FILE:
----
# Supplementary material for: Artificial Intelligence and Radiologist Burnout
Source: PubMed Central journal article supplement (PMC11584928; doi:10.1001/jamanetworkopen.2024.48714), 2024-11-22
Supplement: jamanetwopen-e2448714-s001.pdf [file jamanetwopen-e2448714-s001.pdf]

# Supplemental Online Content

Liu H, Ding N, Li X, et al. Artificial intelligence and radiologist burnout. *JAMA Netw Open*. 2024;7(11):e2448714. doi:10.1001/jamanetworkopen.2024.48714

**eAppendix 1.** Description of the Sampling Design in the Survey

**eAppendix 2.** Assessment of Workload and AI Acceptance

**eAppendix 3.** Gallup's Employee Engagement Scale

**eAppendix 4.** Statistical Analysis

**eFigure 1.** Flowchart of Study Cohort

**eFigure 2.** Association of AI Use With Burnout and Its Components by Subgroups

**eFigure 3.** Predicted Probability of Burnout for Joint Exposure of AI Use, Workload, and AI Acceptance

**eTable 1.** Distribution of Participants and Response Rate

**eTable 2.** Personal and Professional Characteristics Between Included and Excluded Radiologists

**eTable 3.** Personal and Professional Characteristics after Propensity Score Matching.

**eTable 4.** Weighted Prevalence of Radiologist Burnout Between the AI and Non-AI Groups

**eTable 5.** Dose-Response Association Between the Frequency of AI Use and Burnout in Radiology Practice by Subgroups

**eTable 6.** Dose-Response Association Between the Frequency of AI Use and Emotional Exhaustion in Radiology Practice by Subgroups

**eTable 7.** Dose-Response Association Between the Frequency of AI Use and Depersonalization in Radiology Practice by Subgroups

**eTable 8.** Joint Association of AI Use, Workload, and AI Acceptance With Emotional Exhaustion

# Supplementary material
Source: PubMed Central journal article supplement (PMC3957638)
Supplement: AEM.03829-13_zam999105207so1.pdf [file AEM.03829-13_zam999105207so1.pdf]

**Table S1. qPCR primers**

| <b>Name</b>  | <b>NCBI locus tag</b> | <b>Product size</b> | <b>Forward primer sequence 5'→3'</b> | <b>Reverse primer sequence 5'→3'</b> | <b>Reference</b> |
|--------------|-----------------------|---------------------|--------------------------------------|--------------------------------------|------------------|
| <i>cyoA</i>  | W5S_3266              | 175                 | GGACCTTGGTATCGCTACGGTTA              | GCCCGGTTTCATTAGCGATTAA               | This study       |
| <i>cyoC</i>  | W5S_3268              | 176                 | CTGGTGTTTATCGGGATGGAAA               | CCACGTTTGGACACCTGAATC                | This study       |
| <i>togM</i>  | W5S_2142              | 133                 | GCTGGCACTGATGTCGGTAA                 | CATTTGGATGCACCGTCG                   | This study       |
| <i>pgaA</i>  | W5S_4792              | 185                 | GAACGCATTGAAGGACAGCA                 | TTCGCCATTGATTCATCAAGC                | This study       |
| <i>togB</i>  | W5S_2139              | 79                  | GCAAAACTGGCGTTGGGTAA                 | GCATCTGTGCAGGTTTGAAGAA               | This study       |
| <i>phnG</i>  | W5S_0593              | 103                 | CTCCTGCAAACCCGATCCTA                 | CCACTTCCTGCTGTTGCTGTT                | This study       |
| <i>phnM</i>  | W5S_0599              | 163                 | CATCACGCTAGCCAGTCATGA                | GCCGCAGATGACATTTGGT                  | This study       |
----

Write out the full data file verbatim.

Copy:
# Supplementary material for: Artificial Intelligence and Radiologist Burnout
Source: PubMed Central journal article supplement (PMC11584928; doi:10.1001/jamanetworkopen.2024.48714), 2024-11-22
Supplement: jamanetwopen-e2448714-s001.pdf [file jamanetwopen-e2448714-s001.pdf]

# Supplemental Online Content

Liu H, Ding N, Li X, et al. Artificial intelligence and radiologist burnout. *JAMA Netw Open*. 2024;7(11):e2448714. doi:10.1001/jamanetworkopen.2024.48714

**eAppendix 1.** Description of the Sampling Design in the Survey

**eAppendix 2.** Assessment of Workload and AI Acceptance

**eAppendix 3.** Gallup's Employee Engagement Scale

**eAppendix 4.** Statistical Analysis

**eFigure 1.** Flowchart of Study Cohort

**eFigure 2.** Association of AI Use With Burnout and Its Components by Subgroups

**eFigure 3.** Predicted Probability of Burnout for Joint Exposure of AI Use, Workload, and AI Acceptance

**eTable 1.** Distribution of Participants and Response Rate

**eTable 2.** Personal and Professional Characteristics Between Included and Excluded Radiologists

**eTable 3.** Personal and Professional Characteristics after Propensity Score Matching.

**eTable 4.** Weighted Prevalence of Radiologist Burnout Between the AI and Non-AI Groups

**eTable 5.** Dose-Response Association Between the Frequency of AI Use and Burnout in Radiology Practice by Subgroups

**eTable 6.** Dose-Response Association Between the Frequency of AI Use and Emotional Exhaustion in Radiology Practice by Subgroups

**eTable 7.** Dose-Response Association Between the Frequency of AI Use and Depersonalization in Radiology Practice by Subgroups

**eTable 8.** Joint Association of AI Use, Workload, and AI Acceptance With Emotional Exhaustion

# Supplementary material
Source: PubMed Central journal article supplement (PMC3957638)
Supplement: AEM.03829-13_zam999105207so1.pdf [file AEM.03829-13_zam999105207so1.pdf]

**Table S1. qPCR primers**

| <b>Name</b>  | <b>NCBI locus tag</b> | <b>Product size</b> | <b>Forward primer sequence 5'→3'</b> | <b>Reverse primer sequence 5'→3'</b> | <b>Reference</b> |
|--------------|-----------------------|---------------------|--------------------------------------|--------------------------------------|------------------|
| <i>cyoA</i>  | W5S_3266              | 175                 | GGACCTTGGTATCGCTACGGTTA              | GCCCGGTTTCATTAGCGATTAA               | This study       |
| <i>cyoC</i>  | W5S_3268              | 176                 | CTGGTGTTTATCGGGATGGAAA               | CCACGTTTGGACACCTGAATC                | This study       |
| <i>togM</i>  | W5S_2142              | 133                 | GCTGGCACTGATGTCGGTAA                 | CATTTGGATGCACCGTCG                   | This study       |
| <i>pgaA</i>  | W5S_4792              | 185                 | GAACGCATTGAAGGACAGCA                 | TTCGCCATTGATTCATCAAGC                | This study       |
| <i>togB</i>  | W5S_2139              | 79                  | GCAAAACTGGCGTTGGGTAA                 | GCATCTGTGCAGGTTTGAAGAA               | This study       |
| <i>phnG</i>  | W5S_0593              | 103                 | CTCCTGCAAACCCGATCCTA                 | CCACTTCCTGCTGTTGCTGTT                | This study       |
| <i>phnM</i>  | W5S_0599              | 163                 | CATCACGCTAGCCAGTCATGA                | GCCGCAGATGACATTTGGT                  | This study       |